The overall objective of this review was to understand whether there are widespread conduct and culture issues present in banks in New Zealand.
The conduct of banks directly affects customers. High standards of conduct support the fair, sound, efficient and transparent delivery of banking products and services, as well as confident participation by retail customers, businesses and investors in banking. Poor conduct is a contributing factor to poor customer outcomes and loss of trust in the banking system, and can be associated with other banking risks.
One of the key drivers of conduct is a bank’s culture. Culture influences how management and staff behave on a daily basis. An effective culture within banks includes consistently putting customers at the centre of decision-making, product design, sales and advice processes, and all day-to-day activities.
The FMA and RBNZ are New Zealand’s two main regulators of financial markets. The FMA focuses on conduct regulation of some financial market participants, and the RBNZ focuses on maintaining a sound and efficient financial system through prudential regulation.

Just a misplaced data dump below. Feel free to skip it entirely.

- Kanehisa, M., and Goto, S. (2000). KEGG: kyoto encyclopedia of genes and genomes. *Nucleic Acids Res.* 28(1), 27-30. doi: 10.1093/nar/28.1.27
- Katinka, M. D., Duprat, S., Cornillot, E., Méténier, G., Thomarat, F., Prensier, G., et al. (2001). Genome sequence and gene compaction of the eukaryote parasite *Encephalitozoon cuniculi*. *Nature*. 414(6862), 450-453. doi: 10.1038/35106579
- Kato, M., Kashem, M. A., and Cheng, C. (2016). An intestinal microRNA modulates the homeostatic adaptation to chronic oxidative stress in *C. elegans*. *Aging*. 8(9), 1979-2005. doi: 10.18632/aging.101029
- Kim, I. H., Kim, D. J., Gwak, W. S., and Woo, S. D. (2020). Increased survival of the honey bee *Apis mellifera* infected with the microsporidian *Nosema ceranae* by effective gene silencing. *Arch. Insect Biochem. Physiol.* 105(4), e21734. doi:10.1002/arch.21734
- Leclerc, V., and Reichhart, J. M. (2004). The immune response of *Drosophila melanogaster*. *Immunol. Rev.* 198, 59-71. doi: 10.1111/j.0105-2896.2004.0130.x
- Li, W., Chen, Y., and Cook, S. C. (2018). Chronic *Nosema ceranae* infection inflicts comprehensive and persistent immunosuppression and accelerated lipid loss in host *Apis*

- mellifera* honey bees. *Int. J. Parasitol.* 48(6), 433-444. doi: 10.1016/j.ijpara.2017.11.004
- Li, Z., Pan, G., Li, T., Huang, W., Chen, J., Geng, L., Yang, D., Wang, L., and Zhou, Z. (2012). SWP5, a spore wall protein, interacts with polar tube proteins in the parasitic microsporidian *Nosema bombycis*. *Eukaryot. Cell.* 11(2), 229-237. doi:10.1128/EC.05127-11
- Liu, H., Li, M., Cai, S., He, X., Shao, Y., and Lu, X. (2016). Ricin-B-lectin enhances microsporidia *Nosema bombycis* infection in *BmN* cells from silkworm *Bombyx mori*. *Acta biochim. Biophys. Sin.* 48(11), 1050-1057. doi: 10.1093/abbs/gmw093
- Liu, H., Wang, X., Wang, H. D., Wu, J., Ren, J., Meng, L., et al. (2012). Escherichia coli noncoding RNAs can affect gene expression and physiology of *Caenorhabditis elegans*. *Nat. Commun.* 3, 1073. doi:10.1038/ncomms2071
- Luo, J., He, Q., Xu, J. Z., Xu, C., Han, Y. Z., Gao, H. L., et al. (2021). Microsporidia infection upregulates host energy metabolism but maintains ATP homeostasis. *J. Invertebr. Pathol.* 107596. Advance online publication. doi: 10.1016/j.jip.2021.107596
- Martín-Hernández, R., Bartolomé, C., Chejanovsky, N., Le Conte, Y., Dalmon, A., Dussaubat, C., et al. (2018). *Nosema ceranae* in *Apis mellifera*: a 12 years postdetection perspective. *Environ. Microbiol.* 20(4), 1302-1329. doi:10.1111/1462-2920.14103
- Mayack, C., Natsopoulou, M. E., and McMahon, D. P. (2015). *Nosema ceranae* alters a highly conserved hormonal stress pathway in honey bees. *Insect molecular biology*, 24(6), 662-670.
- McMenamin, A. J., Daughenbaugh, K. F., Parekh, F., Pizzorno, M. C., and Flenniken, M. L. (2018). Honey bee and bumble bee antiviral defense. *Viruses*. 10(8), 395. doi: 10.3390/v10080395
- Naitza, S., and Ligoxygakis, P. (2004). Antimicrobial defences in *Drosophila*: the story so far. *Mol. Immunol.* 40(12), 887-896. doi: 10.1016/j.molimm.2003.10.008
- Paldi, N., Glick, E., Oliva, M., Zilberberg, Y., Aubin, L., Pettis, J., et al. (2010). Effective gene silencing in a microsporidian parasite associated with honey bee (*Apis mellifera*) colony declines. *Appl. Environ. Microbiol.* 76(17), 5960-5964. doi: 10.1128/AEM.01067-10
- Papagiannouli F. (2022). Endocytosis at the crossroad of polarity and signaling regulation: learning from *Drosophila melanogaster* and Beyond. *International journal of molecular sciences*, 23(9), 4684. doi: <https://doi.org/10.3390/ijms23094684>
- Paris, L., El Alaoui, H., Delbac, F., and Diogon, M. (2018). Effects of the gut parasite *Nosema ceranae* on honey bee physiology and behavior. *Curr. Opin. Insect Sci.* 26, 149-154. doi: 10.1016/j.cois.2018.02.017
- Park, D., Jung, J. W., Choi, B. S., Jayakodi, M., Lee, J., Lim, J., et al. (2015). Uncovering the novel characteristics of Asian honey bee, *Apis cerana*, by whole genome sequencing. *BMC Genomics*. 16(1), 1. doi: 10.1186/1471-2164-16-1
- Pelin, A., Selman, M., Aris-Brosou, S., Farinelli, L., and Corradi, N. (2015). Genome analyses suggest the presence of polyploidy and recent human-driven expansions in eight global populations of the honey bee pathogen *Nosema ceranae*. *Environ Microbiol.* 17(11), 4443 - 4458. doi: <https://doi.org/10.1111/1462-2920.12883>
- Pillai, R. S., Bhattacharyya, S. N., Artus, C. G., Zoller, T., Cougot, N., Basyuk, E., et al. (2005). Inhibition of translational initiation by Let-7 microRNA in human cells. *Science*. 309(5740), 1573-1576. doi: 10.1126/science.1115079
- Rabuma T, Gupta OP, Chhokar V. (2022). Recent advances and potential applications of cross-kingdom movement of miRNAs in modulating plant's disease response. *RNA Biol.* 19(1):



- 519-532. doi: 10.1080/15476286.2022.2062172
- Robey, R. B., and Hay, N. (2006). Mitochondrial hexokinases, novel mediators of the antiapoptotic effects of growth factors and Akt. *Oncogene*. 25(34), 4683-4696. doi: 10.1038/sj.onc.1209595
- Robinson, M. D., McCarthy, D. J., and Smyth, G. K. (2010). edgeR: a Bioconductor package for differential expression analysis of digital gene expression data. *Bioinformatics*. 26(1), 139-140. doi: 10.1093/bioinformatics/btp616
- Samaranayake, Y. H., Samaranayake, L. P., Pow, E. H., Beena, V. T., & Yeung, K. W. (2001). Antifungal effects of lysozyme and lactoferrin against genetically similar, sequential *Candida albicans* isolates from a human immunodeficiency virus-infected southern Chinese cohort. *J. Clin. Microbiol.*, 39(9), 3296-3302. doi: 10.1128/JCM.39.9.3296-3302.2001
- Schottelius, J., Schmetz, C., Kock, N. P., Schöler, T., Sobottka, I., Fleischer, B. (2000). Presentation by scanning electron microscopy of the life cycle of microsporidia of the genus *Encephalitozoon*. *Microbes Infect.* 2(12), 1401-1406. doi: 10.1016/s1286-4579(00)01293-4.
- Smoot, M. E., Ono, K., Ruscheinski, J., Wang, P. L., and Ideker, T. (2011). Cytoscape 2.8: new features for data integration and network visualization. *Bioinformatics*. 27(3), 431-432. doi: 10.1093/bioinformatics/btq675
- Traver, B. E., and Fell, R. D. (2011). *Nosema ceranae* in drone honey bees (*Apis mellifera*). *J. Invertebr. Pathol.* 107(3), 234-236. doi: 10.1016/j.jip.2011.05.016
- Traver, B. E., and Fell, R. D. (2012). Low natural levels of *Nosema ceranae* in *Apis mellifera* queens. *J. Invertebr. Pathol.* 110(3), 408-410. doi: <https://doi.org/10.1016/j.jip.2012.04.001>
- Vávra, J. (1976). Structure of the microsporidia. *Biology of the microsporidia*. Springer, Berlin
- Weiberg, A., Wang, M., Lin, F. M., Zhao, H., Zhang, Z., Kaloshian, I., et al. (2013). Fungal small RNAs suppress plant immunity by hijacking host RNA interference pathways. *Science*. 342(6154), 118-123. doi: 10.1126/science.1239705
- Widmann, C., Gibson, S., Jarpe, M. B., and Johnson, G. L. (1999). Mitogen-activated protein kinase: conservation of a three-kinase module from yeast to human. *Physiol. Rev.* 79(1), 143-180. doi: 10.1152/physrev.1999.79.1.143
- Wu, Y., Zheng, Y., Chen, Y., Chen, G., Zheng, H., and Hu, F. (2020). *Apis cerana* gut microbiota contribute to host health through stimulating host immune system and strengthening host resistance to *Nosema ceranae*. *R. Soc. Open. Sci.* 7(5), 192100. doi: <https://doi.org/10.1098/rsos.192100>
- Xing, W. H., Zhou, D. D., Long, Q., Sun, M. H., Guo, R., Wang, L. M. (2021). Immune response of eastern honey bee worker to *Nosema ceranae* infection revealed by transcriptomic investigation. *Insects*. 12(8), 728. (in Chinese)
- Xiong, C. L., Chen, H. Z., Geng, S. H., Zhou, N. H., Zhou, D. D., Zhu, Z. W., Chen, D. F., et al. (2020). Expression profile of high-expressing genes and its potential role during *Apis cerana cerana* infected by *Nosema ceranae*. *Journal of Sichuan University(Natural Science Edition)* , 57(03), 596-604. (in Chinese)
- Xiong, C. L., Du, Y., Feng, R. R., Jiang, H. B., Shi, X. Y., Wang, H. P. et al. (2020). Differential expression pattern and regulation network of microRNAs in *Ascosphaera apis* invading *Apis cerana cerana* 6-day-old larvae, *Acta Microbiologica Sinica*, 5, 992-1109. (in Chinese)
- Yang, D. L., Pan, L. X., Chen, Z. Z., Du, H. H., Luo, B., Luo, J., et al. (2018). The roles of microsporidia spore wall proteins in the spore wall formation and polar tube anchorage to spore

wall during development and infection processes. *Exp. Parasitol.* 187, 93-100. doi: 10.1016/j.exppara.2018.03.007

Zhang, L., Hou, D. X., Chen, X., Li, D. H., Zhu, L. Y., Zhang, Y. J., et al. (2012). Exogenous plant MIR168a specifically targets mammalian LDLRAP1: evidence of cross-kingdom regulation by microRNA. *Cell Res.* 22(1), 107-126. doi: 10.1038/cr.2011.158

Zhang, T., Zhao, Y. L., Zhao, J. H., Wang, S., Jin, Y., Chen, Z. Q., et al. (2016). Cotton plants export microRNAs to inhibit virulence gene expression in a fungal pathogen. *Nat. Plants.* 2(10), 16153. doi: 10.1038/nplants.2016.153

Neither regulator has a direct legislative mandate for regulating the conduct of providers of core retail banking services (lending, credit, bank accounts). However, standards of banking conduct are important to the statutory purpose of both regulators, so we decided to test both directly with the banks and with key banking sector stakeholders whether or not there are widespread conduct and culture issues present in New Zealand banks.
Our work set out to assess the maturity of systems, controls and governance around conduct risks within the sector. We decided to focus our review on retail banking services, as these are used by nearly all New Zealanders.